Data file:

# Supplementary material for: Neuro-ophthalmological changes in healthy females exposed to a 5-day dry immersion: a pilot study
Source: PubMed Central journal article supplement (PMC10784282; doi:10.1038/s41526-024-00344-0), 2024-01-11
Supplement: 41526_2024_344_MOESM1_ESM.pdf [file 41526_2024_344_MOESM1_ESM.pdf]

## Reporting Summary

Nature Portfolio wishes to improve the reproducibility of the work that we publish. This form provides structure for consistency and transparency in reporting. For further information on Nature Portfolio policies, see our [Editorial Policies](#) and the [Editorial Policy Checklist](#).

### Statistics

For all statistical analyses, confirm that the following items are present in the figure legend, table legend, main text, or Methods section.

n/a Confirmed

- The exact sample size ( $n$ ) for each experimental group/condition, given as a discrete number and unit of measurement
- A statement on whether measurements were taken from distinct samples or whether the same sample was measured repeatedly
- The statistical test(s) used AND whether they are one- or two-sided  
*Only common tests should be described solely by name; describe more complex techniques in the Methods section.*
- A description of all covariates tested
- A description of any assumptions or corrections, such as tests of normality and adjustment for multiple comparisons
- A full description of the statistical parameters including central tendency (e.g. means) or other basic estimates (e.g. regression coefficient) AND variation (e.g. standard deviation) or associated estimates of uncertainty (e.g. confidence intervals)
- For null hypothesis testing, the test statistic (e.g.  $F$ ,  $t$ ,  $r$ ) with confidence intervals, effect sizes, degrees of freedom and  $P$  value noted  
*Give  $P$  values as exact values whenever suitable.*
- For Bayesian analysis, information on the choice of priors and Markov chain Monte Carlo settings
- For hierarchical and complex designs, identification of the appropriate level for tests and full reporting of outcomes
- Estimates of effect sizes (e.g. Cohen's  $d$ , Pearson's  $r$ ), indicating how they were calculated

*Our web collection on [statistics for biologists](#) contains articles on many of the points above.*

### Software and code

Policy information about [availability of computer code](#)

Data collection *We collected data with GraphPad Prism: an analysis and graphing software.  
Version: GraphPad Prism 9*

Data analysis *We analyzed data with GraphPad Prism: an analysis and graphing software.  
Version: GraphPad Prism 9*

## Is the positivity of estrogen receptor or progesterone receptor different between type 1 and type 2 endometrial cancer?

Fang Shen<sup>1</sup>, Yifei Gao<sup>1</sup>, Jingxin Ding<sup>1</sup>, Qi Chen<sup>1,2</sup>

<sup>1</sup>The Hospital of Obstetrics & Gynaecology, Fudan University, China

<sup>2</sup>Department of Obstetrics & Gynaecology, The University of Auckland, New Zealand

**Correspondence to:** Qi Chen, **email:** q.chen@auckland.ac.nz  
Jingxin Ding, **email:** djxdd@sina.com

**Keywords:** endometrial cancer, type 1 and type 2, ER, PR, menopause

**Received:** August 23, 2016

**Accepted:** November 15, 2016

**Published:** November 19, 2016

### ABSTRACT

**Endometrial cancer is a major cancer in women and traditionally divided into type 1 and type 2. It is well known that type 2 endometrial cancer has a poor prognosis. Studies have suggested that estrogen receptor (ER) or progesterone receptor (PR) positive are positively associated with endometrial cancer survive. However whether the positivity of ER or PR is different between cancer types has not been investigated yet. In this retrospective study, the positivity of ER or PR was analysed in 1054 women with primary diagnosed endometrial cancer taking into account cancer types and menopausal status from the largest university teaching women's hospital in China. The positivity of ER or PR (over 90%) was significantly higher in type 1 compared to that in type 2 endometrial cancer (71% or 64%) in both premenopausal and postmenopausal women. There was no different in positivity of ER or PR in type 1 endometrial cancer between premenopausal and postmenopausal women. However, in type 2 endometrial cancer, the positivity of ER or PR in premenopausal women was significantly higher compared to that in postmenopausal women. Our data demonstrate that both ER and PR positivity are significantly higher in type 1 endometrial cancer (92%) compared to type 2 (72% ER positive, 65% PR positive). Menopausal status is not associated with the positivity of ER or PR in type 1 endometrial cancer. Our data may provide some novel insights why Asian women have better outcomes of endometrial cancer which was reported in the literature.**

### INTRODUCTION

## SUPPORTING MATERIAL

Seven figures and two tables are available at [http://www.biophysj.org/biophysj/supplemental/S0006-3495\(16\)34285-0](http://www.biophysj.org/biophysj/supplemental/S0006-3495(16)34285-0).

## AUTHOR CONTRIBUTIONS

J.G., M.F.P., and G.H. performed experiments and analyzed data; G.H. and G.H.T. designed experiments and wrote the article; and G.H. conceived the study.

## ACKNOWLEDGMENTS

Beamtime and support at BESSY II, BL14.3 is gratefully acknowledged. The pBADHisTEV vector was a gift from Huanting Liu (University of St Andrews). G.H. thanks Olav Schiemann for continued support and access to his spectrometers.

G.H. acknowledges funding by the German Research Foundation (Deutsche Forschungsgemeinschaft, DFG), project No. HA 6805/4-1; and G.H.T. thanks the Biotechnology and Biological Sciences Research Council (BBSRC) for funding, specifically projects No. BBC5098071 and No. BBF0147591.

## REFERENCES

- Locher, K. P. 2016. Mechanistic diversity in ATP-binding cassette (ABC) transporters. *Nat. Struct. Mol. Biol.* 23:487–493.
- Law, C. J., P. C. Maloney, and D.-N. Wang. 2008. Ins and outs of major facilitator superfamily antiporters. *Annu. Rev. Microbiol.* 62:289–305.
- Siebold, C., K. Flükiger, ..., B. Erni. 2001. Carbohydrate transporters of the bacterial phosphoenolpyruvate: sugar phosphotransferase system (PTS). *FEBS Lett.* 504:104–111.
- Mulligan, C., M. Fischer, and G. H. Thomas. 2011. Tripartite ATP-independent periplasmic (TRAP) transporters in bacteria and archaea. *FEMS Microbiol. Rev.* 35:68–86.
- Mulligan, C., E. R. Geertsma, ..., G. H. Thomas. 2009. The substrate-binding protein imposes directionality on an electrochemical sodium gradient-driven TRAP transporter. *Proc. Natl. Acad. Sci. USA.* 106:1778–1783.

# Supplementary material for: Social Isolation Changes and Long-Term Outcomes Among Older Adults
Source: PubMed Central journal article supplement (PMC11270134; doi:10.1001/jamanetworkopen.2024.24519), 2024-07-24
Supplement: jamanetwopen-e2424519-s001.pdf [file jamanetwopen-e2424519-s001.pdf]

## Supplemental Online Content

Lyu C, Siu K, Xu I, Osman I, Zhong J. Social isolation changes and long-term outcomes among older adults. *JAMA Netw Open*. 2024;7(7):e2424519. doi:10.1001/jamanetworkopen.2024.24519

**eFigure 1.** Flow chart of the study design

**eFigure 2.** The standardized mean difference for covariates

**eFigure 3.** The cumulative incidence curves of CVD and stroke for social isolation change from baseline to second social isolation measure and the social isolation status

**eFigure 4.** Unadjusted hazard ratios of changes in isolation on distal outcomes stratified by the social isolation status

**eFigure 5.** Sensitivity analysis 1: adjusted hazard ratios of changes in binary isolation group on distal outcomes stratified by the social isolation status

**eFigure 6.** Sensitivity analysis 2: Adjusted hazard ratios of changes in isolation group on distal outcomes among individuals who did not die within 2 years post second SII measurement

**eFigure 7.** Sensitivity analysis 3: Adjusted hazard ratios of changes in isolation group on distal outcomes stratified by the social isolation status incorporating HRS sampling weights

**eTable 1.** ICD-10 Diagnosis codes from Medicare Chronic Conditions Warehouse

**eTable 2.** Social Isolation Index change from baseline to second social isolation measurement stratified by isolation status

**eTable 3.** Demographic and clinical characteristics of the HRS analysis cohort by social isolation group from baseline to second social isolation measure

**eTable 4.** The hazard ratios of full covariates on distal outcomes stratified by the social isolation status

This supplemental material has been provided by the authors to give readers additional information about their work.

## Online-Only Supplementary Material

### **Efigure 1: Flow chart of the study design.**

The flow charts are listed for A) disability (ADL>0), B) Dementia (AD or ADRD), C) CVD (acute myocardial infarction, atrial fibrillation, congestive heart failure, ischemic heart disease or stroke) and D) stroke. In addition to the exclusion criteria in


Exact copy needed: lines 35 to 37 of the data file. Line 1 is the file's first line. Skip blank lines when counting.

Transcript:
**Received:** August 23, 2016

**Accepted:** November 15, 2016

**Published:** November 19, 2016